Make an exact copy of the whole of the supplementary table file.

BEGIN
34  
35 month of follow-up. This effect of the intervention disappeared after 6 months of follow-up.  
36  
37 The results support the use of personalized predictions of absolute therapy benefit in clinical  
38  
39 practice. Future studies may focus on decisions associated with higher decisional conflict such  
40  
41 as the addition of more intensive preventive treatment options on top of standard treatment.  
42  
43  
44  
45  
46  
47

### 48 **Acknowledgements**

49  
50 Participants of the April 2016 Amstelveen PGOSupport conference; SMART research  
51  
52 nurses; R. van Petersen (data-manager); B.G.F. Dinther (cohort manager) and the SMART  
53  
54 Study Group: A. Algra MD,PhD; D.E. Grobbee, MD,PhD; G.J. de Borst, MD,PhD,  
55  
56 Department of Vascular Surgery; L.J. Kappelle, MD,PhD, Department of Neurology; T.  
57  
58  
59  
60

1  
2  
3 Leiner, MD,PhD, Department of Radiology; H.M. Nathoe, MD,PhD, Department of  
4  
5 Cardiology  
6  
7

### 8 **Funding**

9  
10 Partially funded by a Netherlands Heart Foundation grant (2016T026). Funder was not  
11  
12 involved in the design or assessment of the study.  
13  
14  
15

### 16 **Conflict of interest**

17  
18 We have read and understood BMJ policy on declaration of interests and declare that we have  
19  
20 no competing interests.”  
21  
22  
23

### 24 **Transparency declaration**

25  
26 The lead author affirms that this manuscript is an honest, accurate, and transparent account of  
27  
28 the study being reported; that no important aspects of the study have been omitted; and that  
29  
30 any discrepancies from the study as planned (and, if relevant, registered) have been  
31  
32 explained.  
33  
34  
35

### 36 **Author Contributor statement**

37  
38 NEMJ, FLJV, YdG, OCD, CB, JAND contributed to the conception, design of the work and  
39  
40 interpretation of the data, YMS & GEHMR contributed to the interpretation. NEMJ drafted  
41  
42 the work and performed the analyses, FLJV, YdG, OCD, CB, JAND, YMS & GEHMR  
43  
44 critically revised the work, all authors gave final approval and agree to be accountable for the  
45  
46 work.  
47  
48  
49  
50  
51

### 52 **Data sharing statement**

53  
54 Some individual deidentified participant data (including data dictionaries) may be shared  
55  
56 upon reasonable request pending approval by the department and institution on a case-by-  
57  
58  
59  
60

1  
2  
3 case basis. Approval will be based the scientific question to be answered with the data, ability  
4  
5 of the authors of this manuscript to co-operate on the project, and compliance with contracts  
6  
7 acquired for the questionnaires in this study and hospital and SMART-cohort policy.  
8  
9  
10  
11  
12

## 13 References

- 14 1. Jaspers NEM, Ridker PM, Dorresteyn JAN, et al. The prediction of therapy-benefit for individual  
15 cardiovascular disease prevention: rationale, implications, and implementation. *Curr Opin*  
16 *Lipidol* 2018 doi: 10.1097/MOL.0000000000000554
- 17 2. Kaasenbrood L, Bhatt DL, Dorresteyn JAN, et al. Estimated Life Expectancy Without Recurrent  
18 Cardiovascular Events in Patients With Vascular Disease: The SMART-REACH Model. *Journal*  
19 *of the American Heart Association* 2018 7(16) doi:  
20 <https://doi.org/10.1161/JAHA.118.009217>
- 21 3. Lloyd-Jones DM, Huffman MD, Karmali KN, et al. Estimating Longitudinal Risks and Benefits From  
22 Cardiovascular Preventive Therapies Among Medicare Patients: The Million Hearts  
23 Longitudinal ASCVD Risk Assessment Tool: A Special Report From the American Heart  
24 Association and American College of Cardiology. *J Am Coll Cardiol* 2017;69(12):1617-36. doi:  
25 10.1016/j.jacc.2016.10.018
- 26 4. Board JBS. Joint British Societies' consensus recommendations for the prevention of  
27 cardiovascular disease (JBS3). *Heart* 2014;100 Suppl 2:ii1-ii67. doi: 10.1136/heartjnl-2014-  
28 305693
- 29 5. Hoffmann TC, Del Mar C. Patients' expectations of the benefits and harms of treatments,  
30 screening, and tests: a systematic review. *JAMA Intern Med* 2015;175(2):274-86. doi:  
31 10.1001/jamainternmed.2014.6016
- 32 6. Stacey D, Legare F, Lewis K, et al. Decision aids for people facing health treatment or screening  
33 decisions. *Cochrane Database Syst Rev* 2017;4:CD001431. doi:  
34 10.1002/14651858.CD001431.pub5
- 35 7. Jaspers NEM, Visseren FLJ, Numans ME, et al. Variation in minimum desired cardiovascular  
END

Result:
34  
35 month of follow-up. This effect of the intervention disappeared after 6 months of follow-up.  
36  
37 The results support the use of personalized predictions of absolute therapy benefit in clinical  
38  
39 practice. Future studies may focus on decisions associated with higher decisional conflict such  
40  
41 as the addition of more intensive preventive treatment options on top of standard treatment.  
42  
43  
44  
45  
46  
47

### 48 **Acknowledgements**

49  
50 Participants of the April 2016 Amstelveen PGOSupport conference; SMART research  
51  
52 nurses; R. van Petersen (data-manager); B.G.F. Dinther (cohort manager) and the SMART  
53  
54 Study Group: A. Algra MD,PhD; D.E. Grobbee, MD,PhD; G.J. de Borst, MD,PhD,  
55  
56 Department of Vascular Surgery; L.J. Kappelle, MD,PhD, Department of Neurology; T.  
57  
58  
59  
60

1  
2  
3 Leiner, MD,PhD, Department of Radiology; H.M. Nathoe, MD,PhD, Department of  
4  
5 Cardiology  
6  
7

### 8 **Funding**

9  
10 Partially funded by a Netherlands Heart Foundation grant (2016T026). Funder was not  
11  
12 involved in the design or assessment of the study.  
13  
14  
15

### 16 **Conflict of interest**

17  
18 We have read and understood BMJ policy on declaration of interests and declare that we have  
19  
20 no competing interests.”  
21  
22  
23

### 24 **Transparency declaration**

25  
26 The lead author affirms that this manuscript is an honest, accurate, and transparent account of  
27  
28 the study being reported; that no important aspects of the study have been omitted; and that  
29  
30 any discrepancies from the study as planned (and, if relevant, registered) have been  
31  
32 explained.  
33  
34  
35

### 36 **Author Contributor statement**

37  
38 NEMJ, FLJV, YdG, OCD, CB, JAND contributed to the conception, design of the work and  
39  
40 interpretation of the data, YMS & GEHMR contributed to the interpretation. NEMJ drafted  
41  
42 the work and performed the analyses, FLJV, YdG, OCD, CB, JAND, YMS & GEHMR  
43  
44 critically revised the work, all authors gave final approval and agree to be accountable for the  
45  
46 work.  
47  
48  
49  
50  
51

### 52 **Data sharing statement**

53  
54 Some individual deidentified participant data (including data dictionaries) may be shared  
55  
56 upon reasonable request pending approval by the department and institution on a case-by-  
57  
58  
59  
60

1  
2  
3 case basis. Approval will be based the scientific question to be answered with the data, ability  
4  
5 of the authors of this manuscript to co-operate on the project, and compliance with contracts  
6  
7 acquired for the questionnaires in this study and hospital and SMART-cohort policy.  
8  
9  
10  
11  
12

## 13 References

- 14 1. Jaspers NEM, Ridker PM, Dorresteyn JAN, et al. The prediction of therapy-benefit for individual  
15 cardiovascular disease prevention: rationale, implications, and implementation. *Curr Opin*  
16 *Lipidol* 2018 doi: 10.1097/MOL.0000000000000554
- 17 2. Kaasenbrood L, Bhatt DL, Dorresteyn JAN, et al. Estimated Life Expectancy Without Recurrent  
18 Cardiovascular Events in Patients With Vascular Disease: The SMART-REACH Model. *Journal*  
19 *of the American Heart Association* 2018 7(16) doi:  
20 <https://doi.org/10.1161/JAHA.118.009217>
- 21 3. Lloyd-Jones DM, Huffman MD, Karmali KN, et al. Estimating Longitudinal Risks and Benefits From  
22 Cardiovascular Preventive Therapies Among Medicare Patients: The Million Hearts  
23 Longitudinal ASCVD Risk Assessment Tool: A Special Report From the American Heart  
24 Association and American College of Cardiology. *J Am Coll Cardiol* 2017;69(12):1617-36. doi:  
25 10.1016/j.jacc.2016.10.018
- 26 4. Board JBS. Joint British Societies' consensus recommendations for the prevention of  
27 cardiovascular disease (JBS3). *Heart* 2014;100 Suppl 2:ii1-ii67. doi: 10.1136/heartjnl-2014-  
28 305693
- 29 5. Hoffmann TC, Del Mar C. Patients' expectations of the benefits and harms of treatments,  
30 screening, and tests: a systematic review. *JAMA Intern Med* 2015;175(2):274-86. doi:  
31 10.1001/jamainternmed.2014.6016
- 32 6. Stacey D, Legare F, Lewis K, et al. Decision aids for people facing health treatment or screening  
33 decisions. *Cochrane Database Syst Rev* 2017;4:CD001431. doi:  
34 10.1002/14651858.CD001431.pub5
- 35 7. Jaspers NEM, Visseren FLJ, Numans ME, et al. Variation in minimum desired cardiovascular  